Drugs: Facts or Fiction?

Omni and Fatima

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Before you shrug off this post as one that doesn’t apply to you, stick with us for just a minute: An increasing number of teens are experimenting and actively using drugs every single day. And we don’t mean one in one hundred. We mean one in ten, one in five and sometimes, one in three. From alcohol to marijuana to bath salts to cocaine to prescription pills, drug abuse is running rampant. Here’s what you need to know…

“You can’t get addicted to marijuana.”  Fiction. Nine percent of people who use marijuana become dependent on it. That might not seem like a lot, but for those who start using it in their teens, the number goes up to 1 in 6.

 “I can do drugs once and be OK.” Fiction. Sure, you might be able to, but the thing with drugs is that they target your brain’s reward system. Your body remembers how much you enjoyed doing it that one time, and so it pushes you to do it again and again.

“My friends who drink have it under control.” Fiction. Your friends might be OK—though they’re probably breaking the law, regardless of how much alcohol they consume. But according to a new CDC survey, nearly 20 percent of high school girls binge drink, which can have deadly consequences.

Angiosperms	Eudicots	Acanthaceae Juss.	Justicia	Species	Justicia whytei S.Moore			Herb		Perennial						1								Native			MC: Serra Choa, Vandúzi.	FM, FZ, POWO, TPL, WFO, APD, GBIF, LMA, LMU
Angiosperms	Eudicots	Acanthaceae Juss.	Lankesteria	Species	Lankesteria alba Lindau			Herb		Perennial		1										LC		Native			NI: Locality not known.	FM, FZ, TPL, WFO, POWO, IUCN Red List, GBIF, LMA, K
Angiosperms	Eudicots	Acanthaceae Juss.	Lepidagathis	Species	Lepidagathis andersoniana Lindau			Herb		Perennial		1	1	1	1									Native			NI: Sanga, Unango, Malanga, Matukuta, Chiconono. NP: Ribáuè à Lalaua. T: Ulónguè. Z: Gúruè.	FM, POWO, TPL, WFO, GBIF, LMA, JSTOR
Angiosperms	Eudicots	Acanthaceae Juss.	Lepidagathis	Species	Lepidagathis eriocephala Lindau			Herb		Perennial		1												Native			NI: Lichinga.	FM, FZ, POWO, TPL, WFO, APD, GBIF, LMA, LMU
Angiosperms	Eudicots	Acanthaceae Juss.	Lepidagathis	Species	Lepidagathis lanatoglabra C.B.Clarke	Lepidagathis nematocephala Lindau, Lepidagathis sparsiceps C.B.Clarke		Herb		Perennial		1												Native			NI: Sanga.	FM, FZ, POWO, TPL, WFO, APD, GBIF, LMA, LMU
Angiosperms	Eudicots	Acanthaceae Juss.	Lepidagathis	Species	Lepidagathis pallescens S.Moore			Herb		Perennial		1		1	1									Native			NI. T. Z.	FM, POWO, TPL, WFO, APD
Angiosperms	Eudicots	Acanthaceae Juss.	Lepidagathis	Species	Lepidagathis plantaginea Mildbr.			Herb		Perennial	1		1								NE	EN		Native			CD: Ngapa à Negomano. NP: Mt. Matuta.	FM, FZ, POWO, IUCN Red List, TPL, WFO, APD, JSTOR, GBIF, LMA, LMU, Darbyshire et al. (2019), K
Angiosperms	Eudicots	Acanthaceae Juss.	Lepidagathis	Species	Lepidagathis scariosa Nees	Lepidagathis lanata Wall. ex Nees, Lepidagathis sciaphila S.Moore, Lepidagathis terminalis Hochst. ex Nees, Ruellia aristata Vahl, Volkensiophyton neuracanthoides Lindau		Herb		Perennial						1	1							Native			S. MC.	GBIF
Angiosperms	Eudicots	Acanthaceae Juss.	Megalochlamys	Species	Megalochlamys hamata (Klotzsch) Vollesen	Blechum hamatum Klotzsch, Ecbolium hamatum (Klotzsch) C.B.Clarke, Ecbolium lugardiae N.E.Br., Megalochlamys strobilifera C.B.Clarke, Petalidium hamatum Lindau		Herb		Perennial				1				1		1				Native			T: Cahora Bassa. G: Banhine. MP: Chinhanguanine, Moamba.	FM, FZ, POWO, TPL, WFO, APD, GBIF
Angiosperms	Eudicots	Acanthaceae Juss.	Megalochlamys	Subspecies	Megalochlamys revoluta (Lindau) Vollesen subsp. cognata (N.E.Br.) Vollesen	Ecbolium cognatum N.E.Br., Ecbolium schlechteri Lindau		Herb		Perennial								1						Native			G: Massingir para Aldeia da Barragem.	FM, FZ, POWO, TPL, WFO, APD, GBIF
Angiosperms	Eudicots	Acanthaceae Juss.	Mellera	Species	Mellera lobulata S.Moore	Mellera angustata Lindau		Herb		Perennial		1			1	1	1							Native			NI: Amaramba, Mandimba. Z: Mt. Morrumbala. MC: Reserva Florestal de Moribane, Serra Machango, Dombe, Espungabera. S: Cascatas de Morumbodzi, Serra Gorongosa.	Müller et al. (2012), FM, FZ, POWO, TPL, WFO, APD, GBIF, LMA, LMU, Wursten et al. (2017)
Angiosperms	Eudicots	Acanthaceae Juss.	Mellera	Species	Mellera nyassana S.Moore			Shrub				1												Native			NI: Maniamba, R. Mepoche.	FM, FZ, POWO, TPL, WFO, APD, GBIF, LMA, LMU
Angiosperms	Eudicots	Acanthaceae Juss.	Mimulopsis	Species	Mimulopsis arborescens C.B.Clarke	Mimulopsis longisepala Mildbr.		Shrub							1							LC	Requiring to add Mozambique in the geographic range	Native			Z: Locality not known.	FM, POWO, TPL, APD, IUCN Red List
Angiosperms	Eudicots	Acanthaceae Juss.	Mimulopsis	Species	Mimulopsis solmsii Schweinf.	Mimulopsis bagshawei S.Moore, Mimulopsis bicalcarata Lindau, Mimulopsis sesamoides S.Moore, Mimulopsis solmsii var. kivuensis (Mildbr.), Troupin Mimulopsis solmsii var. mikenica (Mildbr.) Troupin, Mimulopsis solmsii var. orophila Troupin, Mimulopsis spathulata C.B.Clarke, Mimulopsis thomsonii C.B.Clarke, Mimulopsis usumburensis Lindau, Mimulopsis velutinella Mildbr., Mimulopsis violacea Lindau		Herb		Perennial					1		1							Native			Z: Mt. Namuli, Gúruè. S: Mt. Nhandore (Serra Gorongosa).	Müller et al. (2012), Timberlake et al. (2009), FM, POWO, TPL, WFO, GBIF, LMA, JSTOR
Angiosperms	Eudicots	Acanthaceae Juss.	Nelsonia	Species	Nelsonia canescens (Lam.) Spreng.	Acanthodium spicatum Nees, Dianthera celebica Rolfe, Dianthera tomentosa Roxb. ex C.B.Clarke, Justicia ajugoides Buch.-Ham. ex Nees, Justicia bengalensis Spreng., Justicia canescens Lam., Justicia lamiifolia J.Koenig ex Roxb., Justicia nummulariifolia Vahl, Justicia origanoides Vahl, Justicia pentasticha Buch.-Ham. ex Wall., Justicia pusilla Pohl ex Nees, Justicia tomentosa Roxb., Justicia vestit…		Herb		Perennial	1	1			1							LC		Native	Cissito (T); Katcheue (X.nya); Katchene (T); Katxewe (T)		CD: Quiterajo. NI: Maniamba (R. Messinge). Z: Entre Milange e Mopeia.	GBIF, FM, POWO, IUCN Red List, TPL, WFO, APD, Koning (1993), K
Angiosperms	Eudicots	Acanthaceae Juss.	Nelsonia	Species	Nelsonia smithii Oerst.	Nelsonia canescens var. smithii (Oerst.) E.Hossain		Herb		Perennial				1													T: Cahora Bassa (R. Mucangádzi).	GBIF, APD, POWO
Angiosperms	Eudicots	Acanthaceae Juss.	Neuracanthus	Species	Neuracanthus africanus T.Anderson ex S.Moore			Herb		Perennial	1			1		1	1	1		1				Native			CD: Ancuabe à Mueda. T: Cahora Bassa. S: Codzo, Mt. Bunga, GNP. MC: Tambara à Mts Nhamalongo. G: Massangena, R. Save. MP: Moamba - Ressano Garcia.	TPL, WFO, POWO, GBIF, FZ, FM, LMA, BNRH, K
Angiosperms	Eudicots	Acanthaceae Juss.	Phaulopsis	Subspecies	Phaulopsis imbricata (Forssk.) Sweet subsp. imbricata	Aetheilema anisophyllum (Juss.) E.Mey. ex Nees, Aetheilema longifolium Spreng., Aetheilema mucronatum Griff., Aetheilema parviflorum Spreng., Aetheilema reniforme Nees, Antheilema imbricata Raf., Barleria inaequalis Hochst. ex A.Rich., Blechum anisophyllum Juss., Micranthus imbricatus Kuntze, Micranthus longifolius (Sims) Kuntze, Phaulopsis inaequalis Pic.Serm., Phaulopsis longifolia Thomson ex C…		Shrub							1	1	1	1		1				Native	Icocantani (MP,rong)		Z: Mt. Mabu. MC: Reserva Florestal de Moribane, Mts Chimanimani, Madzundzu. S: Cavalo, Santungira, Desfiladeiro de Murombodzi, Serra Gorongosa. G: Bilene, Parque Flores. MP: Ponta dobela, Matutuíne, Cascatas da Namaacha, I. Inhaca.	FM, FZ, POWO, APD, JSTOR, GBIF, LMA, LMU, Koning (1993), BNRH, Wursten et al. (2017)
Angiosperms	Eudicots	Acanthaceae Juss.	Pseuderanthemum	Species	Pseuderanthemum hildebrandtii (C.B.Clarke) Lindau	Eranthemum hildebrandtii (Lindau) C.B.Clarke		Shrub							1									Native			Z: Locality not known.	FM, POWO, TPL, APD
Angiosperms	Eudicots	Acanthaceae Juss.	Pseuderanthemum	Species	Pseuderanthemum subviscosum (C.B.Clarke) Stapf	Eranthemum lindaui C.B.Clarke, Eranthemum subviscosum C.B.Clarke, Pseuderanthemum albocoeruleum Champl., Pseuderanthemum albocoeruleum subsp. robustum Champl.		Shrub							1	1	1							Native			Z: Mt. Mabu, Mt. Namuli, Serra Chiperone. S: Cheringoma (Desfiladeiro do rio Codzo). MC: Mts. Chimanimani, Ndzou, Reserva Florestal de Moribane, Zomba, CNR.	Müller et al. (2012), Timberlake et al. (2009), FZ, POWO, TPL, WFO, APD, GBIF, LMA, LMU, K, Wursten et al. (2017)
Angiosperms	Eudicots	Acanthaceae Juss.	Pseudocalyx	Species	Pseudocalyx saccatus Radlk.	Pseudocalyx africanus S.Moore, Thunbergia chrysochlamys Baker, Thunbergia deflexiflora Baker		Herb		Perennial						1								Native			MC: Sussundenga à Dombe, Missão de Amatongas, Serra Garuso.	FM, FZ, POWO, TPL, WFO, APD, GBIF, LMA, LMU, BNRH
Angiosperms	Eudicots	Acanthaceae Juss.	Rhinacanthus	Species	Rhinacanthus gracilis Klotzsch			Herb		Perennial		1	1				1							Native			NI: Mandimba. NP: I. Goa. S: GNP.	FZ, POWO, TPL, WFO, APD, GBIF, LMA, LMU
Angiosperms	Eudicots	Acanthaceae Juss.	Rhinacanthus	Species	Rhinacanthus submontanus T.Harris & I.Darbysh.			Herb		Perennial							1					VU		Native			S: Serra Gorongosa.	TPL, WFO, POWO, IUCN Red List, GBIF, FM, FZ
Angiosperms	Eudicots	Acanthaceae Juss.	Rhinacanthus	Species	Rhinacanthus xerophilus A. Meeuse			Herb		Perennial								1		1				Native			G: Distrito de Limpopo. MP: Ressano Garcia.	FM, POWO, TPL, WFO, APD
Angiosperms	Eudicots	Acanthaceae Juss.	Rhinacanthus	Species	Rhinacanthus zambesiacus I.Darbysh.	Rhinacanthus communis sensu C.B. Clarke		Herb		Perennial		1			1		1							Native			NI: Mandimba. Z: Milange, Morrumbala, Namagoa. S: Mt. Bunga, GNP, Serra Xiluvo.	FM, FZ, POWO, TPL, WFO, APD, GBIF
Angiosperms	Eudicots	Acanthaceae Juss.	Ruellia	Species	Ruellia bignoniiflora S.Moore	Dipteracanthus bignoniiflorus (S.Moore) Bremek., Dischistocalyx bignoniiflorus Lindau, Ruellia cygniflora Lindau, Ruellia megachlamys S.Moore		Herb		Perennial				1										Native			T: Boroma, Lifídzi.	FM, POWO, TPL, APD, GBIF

“Compared to stuff like cocaine and heroin, prescription pain killers are NBD.” Fiction. Right now, more people die from pain killer overdoses than from heroin and cocaine combined. Why? Because when you don’t need them or are not taking them as prescribed by your doctor, they can severely depress your respiratory system.

“Sniffing glue isn’t really the same thing as doing a drug.” Fiction. Most inhalants depress the central nervous system just like alcohol does. Your speech can slur, you might lose coordination, you might become dizzy or light-headed. You could even have hallucinations or delusions. But huffing can cause serious, long-term damage, too. Highly concentrated solvents and aerosol sprays can cause heart failure and brain damage—yikes.

“Taking a friend’s ADHD meds before a test is totally fine.” Fiction. Taking a medication prescribed for someone else is a felony, and is just as illegal as possessing marijuana is.

Image Source: National Institute on Drug Abuse
Source: GirlsLife.com

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